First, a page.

Exodus 3:14
Moses feels that when he goes among his brethren, one of their first questions will be as to the name of this God of Abraham, Isaac, and Jacob. Consider -

I. HOW IT WAS THAT THE POSSIBILITY OF SUCH A QUESTION WAS SUGGESTED TO HIS MIND. All the deities of the other nations had names, and doubtless the gods of Egypt were well known by name to the Israelites. Part of the glory of each nation came from the fact that it was under the protection and favour of so renowned a being as its God. The feeling of Moses in asking this question may be illustrated from the clamour of the Ephesian mob against Paul. The Ephesians felt that it was a great deal to be able to say that Diana had a special interest in them. And so it seemed to Moses a reversal of the proper order of things to go to his brethren with no more indication of the Being who had sent him, than that he had been historically connected with Abraham, Isaac and Jacob. Moses could not believe that his own people would rest contented with such a representation as this; indeed, we may very reasonably go further, and assume that he himself was anxious to know the name of this unnamed God. He was not yet filled with the light and power of the pure monotheistic conception. Certainly he had just felt what real might there was with the God of his fathers, and probably there was no shadow of doubt in his mind that this God was powerful far beyond any of the rest; but he had yet to learn that he was God alone, and that all other deities, however imposing, were nothing more than the fictions of degraded and wayward imagination. When we bear in mind that Moses was only at the beginning of his personal acquaintance with God, then we shall see that there was nothing wonderful or unreasonable, from the point of his attainments at the time, in asking such a question. Observe also that the very question is a revelation of how ignorant the Israelites were of God. How clear the proof is that the thought of God, as Jehovah, came down from above, and did not rise out of the corrupted hearts of men. When we have much to do with persons, it is a matter of necessity to have names for them, and if they give us none, we must make them for ourselves. But the Israelites had no transactions with God, save as he came down and pressed his presence upon them; and even then all that they could see was such power as became manifest to the senses. It is very certain that if God had not revealed this name, there was no faculty among the Israelites to invent it.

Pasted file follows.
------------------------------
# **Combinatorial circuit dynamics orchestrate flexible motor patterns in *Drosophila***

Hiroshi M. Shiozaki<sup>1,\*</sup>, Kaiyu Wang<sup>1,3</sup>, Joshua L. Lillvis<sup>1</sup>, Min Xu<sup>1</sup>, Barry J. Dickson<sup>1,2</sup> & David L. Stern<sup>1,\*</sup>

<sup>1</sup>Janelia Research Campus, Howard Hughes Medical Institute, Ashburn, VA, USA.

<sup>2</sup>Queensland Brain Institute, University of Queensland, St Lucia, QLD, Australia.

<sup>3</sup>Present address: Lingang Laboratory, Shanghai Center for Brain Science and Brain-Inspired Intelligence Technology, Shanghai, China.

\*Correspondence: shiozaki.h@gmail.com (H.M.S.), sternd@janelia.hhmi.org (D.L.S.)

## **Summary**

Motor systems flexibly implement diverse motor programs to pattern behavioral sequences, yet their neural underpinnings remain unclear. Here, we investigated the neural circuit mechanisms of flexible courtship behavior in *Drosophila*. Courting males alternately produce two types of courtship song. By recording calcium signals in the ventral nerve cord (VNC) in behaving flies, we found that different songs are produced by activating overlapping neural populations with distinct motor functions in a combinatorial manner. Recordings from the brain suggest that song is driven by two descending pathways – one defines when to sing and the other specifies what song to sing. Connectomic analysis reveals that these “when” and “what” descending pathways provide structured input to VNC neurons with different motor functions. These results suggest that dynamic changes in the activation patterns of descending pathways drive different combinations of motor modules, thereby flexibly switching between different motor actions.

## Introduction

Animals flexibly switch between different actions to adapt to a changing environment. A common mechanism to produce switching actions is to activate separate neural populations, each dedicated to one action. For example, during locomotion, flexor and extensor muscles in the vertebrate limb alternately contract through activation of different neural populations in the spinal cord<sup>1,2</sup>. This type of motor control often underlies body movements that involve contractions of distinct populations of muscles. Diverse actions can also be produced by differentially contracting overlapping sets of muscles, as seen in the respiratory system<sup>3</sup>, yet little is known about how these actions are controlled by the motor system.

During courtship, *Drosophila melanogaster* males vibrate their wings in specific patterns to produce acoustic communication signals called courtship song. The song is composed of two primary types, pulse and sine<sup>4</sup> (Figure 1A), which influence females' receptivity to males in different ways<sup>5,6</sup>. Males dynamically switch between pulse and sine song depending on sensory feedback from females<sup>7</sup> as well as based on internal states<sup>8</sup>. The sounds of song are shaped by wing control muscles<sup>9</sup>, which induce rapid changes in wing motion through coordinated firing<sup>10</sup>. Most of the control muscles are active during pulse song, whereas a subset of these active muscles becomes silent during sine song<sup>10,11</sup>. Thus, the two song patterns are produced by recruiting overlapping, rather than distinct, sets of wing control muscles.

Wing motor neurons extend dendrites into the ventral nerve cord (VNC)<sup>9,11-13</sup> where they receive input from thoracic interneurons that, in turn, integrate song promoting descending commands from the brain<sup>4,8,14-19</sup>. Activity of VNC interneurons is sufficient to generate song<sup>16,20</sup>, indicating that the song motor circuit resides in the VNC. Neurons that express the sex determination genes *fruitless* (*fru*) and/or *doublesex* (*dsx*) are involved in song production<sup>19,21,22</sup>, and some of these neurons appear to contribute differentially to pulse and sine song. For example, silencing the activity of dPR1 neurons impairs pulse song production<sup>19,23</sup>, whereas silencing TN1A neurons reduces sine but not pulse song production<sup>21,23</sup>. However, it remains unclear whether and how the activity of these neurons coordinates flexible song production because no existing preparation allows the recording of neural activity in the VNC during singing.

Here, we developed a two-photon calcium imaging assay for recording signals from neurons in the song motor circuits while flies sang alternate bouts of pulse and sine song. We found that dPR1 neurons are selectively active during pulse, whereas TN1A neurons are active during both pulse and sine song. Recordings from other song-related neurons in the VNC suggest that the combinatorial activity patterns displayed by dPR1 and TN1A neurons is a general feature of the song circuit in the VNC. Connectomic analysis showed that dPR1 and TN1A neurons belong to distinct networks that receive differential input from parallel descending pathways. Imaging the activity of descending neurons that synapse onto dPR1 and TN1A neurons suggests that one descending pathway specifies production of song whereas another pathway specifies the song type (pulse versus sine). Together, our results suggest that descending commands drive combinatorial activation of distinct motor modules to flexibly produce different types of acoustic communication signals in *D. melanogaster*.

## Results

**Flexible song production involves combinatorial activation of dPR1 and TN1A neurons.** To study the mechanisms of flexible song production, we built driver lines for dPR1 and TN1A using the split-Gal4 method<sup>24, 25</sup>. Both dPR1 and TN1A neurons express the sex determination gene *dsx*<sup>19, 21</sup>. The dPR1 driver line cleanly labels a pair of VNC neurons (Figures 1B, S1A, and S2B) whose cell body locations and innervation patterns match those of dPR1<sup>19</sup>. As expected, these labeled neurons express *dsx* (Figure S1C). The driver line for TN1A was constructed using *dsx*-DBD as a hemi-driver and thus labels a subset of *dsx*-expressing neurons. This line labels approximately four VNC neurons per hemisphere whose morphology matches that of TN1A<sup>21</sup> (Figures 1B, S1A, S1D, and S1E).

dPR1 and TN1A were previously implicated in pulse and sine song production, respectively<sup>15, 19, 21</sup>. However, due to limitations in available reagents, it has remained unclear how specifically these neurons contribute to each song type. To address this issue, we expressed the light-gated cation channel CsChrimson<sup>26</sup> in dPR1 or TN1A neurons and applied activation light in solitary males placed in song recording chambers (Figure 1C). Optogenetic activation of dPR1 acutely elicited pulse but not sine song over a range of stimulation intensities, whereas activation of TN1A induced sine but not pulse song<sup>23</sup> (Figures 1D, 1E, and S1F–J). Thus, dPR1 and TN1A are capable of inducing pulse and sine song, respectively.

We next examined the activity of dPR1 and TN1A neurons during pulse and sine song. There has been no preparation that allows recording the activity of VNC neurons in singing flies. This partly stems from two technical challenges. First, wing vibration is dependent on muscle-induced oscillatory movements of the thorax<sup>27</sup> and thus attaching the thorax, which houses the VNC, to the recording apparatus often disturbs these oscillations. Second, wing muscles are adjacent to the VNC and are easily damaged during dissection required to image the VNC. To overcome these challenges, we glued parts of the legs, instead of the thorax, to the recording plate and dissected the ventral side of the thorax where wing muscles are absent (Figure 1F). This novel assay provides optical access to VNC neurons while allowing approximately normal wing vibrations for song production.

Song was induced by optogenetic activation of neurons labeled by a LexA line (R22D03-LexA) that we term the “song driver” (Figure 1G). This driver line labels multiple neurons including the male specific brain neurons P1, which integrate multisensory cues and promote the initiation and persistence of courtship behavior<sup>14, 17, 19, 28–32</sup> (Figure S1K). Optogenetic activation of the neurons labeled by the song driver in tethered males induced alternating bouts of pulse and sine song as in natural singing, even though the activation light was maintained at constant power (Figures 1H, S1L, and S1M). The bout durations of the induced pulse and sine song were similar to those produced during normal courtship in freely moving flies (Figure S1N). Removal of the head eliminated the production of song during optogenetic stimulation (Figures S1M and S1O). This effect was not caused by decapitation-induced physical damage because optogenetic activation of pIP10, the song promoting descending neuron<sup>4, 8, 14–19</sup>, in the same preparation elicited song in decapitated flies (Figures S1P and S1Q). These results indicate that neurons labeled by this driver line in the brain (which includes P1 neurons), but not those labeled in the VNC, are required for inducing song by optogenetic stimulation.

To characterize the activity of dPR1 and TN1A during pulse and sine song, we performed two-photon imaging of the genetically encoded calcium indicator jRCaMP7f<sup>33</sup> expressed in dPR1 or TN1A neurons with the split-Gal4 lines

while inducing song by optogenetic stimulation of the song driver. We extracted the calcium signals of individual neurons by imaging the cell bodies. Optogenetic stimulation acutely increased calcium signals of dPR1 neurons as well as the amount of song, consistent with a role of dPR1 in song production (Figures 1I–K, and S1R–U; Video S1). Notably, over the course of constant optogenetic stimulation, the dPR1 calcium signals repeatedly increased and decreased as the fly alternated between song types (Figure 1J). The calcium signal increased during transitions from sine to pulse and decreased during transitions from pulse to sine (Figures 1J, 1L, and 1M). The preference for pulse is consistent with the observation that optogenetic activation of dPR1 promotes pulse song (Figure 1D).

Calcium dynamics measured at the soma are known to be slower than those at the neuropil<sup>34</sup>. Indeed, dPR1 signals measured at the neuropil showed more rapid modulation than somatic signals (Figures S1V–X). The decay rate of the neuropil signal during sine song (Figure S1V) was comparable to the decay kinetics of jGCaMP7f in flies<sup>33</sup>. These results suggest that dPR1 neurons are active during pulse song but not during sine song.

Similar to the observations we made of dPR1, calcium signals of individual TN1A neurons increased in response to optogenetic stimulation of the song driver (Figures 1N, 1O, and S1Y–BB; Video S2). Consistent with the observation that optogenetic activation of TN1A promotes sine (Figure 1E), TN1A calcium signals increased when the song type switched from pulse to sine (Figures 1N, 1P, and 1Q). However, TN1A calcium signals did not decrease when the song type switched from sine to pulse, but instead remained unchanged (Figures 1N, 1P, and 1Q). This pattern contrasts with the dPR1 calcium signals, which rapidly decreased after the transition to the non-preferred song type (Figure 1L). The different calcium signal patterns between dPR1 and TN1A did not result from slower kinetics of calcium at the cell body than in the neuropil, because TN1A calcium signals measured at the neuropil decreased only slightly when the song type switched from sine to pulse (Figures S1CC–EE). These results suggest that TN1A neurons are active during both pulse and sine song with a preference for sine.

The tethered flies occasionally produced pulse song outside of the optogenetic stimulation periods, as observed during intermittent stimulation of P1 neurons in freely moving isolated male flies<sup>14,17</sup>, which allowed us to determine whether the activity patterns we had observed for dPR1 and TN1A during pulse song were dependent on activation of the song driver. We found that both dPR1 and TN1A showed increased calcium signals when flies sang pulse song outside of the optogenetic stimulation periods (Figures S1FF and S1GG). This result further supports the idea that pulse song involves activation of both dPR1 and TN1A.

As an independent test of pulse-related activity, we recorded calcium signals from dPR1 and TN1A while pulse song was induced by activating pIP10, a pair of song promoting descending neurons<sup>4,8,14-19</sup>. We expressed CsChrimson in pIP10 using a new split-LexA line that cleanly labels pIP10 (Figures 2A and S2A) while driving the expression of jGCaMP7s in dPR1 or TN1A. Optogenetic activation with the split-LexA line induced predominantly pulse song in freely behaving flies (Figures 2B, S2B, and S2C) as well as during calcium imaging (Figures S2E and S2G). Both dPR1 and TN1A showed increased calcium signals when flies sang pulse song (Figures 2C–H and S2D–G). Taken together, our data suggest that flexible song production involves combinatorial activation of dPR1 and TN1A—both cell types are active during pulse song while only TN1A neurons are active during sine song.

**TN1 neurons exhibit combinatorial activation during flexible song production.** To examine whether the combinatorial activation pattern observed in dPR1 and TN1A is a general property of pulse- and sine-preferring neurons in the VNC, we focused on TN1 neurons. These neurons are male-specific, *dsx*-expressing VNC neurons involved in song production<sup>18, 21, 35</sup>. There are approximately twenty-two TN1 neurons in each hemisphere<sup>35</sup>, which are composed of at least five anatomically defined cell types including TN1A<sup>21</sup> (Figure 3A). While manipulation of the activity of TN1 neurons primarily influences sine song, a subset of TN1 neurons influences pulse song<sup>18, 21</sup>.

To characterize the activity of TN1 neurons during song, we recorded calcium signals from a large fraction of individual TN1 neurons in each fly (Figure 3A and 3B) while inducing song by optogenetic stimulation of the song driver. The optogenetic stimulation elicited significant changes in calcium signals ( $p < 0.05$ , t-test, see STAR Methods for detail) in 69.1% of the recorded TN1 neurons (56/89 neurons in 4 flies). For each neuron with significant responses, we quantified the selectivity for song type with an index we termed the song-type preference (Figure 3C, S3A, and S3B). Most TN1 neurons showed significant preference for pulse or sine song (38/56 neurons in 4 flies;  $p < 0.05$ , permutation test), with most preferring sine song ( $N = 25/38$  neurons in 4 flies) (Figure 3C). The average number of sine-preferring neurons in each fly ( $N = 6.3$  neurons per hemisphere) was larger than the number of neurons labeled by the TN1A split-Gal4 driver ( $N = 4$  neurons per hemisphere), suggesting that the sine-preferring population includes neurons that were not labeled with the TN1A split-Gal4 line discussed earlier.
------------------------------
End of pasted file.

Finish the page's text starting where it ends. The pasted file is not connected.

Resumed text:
II. THE GIVING OF THE NAME. We must bear in mind the purpose for which the name was given. The question at once suggests itself - Would God have given this name, if he had not been asked? To this perhaps the best answer is that the difficulty out of which the question rose was sure to be felt, even if the question itself was not asked. Some name of the kind assuredly became needed for distinguishing purposes. It was a name as helpful to the people of idolatrous nations as to Israel itself. An Egyptian or a Philistine could say, "The Hebrews call their God Jehovah." What the Israelite understood by the name in itself, is, we may fairly say, a point impossible to settle. The wisdom of God is certainly evident in giving a name which, while it so well served a temporary purpose, remains still to suggest matters which no lapse of time can ever render indifferent. It is vain to discuss the form of the expression, with the aim of tying it down to mean some particular aspect of the Divine nature, to the exclusion of others. Far better is it for Christians to take it - and thus, surely, devout Israelites would take it - as suggesting all that it is fitted to suggest. There is the name; some will put into it more, and some less, but no one can pretend that he has filled it with the fulness of its import. It would be very helpful for the Israelites always to bear in mind the occurrence of the first person in this great distinguishing name. The God of Abraham, Isaac and Jacob, is one who can say "I." He is not represented by some dumb idol, voiceless save through the traditions of those who worship it. He who says "I am" thus registers in Holy Writ an expression which will have meaning and suggestiveness in every language under heaven. What an intimation is given to us of the permanent value of the expression when we come upon it so suddenly in the discussion between Jesus and the Jews! They had spoken haughtily concerning great names in the past - the dead Abraham and the dead prophets; when straightway, as by the breath of his mouth, Jesus shrivels up the glories of all mere mundane history by his declaration, "Before Abraham was, I am." (John 8:58.) Abraham and all the rest of us have come into existence. But Jesus is one who, even here below, with the knowledge of what happened at Bethlehem, has that in him whereby he can say, "I am."